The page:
At this time, I was working as consultant next door, and this place started becoming a creative hub. A friend then recommended me to look into coffee farm and explore the possibilities there since that would interest me. Soon after that, I went and visited a coffee farm in begnas area.
This was when I experienced and had the realization that coffee making is an art; there is so much going on for that one cup of coffee; for that single sip we take and many a times we do not even realize how did that coffee end up, how many people were involved in that process to bring that product from farm to table.
Being in that farm and seeing the process, I had learned so much; and seeing and learning so much I fell in love with the art of coffee making. After this trip, I thought YES this definitely has potential and I can do what has not been done in this industry. A chain of small events happened after that; this room got vacant; my friends were encouraging me a lot to start with the coffee project. After giving this a really serious thought I then stepped up and decided to start this venture while at the same time helping local producers and bringing about a change.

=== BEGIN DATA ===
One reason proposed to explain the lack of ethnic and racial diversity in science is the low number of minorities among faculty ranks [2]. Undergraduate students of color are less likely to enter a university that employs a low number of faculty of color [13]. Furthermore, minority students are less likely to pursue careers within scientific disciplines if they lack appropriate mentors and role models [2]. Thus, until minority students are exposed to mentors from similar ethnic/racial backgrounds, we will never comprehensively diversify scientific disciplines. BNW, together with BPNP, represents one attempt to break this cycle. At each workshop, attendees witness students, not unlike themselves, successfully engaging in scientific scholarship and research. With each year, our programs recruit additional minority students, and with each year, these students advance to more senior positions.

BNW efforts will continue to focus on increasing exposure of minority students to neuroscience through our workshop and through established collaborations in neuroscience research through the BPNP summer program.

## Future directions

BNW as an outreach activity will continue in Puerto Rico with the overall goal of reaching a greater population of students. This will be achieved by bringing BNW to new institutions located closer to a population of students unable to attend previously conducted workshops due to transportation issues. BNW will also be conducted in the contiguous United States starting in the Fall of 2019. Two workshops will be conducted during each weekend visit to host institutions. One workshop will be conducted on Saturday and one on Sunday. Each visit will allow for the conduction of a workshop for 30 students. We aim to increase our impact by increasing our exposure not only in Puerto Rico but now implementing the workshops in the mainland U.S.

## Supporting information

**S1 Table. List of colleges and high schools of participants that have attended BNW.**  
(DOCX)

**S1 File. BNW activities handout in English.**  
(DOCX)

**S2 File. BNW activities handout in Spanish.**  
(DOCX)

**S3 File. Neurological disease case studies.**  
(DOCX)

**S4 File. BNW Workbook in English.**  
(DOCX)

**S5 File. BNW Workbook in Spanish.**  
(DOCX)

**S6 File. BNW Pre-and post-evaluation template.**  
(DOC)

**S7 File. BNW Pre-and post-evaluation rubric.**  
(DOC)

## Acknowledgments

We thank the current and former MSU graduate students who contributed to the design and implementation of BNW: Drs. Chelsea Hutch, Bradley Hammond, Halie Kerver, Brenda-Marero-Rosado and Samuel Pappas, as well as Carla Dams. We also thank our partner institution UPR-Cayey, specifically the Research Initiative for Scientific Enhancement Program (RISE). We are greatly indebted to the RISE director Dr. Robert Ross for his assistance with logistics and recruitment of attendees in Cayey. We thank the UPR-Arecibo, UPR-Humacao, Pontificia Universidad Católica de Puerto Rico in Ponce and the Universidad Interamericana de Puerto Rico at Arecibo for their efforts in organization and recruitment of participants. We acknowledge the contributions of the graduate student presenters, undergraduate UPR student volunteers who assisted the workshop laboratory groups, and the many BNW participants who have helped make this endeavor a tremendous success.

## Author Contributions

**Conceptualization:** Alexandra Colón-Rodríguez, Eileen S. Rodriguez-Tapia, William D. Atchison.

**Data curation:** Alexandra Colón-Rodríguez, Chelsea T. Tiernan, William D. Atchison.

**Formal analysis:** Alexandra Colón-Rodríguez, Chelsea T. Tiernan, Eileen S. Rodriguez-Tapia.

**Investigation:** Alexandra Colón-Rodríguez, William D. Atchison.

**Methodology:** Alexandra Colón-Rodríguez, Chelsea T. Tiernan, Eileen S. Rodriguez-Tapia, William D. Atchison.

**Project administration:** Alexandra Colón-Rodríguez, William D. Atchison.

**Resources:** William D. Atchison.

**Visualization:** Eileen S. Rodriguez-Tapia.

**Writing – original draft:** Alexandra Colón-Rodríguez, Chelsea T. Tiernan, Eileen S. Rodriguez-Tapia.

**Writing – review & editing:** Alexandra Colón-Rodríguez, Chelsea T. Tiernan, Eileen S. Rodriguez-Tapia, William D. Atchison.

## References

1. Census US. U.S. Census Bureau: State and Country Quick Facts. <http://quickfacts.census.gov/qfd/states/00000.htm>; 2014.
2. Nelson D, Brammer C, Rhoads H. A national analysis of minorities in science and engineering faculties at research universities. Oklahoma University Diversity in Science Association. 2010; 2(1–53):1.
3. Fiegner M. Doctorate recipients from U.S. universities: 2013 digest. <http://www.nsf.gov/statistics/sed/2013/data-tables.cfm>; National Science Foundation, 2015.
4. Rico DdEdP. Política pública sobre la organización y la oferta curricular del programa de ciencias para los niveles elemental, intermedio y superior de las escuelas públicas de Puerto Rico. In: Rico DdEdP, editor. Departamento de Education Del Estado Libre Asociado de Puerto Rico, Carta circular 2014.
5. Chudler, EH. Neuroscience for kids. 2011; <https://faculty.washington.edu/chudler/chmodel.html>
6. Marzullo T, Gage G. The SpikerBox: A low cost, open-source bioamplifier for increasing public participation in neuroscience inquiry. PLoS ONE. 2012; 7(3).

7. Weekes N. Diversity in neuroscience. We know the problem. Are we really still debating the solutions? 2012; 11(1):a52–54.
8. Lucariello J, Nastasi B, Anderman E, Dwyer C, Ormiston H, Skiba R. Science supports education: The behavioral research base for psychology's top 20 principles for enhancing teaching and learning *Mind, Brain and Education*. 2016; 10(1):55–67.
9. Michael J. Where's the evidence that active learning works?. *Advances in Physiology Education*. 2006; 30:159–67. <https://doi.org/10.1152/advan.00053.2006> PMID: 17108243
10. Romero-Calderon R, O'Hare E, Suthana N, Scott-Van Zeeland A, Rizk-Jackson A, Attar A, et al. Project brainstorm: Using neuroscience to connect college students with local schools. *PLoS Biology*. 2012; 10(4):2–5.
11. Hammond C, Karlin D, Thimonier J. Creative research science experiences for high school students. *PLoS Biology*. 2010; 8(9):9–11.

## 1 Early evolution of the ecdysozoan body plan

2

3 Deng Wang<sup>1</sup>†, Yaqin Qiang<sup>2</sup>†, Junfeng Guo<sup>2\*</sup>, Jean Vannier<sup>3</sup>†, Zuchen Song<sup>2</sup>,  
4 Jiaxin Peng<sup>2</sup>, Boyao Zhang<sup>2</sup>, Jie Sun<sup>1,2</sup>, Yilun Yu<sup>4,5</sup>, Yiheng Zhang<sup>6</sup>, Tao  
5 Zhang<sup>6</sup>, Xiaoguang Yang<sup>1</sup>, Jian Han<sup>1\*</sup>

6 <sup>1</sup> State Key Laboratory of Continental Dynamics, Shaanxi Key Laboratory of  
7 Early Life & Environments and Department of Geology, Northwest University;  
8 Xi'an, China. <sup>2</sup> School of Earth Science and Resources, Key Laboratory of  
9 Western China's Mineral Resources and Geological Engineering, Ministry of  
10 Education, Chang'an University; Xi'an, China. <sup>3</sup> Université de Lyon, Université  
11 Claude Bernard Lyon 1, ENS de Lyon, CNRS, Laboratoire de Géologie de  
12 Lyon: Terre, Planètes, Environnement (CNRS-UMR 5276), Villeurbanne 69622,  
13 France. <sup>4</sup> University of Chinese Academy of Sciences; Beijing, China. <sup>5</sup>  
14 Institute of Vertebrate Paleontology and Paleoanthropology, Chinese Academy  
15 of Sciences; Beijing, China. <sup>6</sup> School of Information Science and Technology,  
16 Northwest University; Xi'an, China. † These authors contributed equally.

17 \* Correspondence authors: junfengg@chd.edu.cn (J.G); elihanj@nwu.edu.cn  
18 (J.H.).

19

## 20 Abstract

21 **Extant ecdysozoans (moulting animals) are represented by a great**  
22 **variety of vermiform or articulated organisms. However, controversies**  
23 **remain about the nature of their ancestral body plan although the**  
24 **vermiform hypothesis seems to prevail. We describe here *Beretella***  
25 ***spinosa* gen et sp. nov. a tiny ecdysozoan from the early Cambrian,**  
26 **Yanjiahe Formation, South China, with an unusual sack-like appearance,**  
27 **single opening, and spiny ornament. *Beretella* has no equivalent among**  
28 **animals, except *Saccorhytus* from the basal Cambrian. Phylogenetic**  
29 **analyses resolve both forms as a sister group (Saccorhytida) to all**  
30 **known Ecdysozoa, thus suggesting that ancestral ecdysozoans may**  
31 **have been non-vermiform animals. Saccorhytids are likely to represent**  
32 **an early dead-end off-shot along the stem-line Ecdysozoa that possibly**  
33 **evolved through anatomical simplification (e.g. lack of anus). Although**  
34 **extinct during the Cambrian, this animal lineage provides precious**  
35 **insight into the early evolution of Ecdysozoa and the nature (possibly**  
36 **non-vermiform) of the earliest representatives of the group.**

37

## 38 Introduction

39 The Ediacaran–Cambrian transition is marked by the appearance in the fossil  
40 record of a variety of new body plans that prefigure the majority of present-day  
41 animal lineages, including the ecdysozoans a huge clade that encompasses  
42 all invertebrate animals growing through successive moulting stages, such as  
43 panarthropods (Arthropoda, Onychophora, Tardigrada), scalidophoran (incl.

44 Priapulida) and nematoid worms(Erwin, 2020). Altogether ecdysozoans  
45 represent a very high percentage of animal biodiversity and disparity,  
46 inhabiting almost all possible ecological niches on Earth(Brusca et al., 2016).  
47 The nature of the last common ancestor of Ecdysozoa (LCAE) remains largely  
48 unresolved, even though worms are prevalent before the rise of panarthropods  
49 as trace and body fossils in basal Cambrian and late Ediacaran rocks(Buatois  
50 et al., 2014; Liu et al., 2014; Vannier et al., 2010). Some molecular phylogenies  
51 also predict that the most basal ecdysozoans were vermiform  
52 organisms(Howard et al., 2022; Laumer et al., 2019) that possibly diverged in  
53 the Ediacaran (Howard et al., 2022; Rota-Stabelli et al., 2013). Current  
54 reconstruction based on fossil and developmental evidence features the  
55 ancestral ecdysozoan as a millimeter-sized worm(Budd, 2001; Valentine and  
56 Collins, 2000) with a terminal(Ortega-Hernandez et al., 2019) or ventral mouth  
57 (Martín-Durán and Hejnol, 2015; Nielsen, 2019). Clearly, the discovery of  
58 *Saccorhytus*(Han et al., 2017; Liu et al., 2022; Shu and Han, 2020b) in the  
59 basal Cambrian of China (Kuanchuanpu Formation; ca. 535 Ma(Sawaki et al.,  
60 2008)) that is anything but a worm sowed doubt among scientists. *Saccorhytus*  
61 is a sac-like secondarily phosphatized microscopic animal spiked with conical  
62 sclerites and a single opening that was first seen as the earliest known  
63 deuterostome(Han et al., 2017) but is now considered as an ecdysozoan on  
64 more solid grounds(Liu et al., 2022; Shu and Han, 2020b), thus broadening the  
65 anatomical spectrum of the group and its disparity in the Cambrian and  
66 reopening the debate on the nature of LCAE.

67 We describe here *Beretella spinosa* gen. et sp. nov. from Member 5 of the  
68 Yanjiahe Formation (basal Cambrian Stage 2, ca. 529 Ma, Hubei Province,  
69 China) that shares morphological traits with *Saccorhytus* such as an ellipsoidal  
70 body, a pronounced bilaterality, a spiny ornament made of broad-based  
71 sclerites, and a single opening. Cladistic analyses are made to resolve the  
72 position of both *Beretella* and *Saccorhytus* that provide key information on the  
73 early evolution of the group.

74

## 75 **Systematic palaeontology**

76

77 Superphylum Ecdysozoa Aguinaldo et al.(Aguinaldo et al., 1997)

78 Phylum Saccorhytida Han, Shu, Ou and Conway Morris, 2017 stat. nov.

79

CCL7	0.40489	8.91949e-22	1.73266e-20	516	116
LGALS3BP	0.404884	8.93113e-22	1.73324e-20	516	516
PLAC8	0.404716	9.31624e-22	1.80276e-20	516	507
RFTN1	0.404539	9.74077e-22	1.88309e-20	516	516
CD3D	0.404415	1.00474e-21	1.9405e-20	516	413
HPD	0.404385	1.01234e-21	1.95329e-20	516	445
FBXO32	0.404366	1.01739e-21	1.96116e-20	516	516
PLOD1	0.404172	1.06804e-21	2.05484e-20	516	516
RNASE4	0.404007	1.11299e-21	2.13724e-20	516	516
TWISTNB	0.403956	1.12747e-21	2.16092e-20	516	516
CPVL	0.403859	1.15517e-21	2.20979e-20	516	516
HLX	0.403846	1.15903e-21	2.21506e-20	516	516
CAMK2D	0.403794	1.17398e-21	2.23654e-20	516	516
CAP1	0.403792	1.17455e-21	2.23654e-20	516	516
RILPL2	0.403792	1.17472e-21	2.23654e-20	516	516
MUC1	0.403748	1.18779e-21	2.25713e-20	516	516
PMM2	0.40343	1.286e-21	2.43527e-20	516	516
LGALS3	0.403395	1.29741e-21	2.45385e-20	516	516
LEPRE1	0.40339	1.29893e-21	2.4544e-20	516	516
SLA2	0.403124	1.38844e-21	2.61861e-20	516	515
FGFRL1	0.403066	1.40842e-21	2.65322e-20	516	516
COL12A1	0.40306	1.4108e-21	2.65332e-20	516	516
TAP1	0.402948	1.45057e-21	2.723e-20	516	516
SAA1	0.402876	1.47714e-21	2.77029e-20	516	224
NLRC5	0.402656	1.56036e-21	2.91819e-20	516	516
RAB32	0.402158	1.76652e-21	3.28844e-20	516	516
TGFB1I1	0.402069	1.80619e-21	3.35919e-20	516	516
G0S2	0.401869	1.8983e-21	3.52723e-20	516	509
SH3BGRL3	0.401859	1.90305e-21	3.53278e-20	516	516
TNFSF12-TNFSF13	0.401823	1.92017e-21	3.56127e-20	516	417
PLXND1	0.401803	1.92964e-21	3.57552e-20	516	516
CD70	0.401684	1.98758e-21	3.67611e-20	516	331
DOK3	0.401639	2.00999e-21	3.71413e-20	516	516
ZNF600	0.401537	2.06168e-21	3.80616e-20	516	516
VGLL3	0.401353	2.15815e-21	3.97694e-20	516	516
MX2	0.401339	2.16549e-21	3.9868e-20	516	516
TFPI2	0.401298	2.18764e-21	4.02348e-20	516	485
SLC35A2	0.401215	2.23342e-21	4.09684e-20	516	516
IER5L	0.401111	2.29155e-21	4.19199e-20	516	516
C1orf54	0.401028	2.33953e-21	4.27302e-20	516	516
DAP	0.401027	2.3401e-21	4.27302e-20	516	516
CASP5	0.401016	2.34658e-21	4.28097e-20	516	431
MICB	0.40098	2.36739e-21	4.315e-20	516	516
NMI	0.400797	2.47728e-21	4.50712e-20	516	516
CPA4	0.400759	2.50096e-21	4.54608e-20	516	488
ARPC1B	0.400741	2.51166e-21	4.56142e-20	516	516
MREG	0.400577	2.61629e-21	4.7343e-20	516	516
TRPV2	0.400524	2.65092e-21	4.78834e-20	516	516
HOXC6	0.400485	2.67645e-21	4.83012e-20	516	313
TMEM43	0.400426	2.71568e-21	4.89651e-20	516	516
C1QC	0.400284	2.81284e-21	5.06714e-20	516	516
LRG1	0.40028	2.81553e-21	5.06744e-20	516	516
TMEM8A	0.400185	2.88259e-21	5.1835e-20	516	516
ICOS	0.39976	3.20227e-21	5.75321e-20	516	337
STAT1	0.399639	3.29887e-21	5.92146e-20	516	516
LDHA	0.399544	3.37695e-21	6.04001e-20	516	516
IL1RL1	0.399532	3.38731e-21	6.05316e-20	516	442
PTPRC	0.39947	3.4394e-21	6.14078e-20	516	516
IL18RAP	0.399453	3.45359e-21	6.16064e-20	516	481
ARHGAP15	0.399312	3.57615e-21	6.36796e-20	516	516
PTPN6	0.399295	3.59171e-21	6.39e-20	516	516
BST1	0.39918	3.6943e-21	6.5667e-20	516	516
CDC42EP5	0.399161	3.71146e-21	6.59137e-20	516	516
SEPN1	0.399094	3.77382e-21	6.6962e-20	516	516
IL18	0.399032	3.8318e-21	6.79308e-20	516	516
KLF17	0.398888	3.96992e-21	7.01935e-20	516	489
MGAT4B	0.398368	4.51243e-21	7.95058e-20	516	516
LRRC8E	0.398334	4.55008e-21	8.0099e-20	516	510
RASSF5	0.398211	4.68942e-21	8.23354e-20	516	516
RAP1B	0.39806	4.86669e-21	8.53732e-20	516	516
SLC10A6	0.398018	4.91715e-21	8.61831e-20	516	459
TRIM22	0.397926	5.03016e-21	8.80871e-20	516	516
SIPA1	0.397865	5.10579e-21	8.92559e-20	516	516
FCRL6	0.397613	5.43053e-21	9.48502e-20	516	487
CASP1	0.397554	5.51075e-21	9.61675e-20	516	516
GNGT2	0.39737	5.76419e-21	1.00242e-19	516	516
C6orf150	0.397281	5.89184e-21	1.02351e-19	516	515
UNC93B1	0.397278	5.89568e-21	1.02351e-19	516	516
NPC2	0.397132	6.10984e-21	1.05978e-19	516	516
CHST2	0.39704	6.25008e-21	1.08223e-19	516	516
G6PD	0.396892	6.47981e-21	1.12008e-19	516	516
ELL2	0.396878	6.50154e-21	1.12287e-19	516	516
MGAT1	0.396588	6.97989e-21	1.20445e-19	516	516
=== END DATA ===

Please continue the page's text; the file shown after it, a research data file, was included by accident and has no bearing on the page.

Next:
What factors drove you towards starting this venture?
My passion, the love for coffee making, coffee processing and the love for the people are the major factors that influenced me to start KARMA coffee.
How is KARMA different than other place that provides coffee?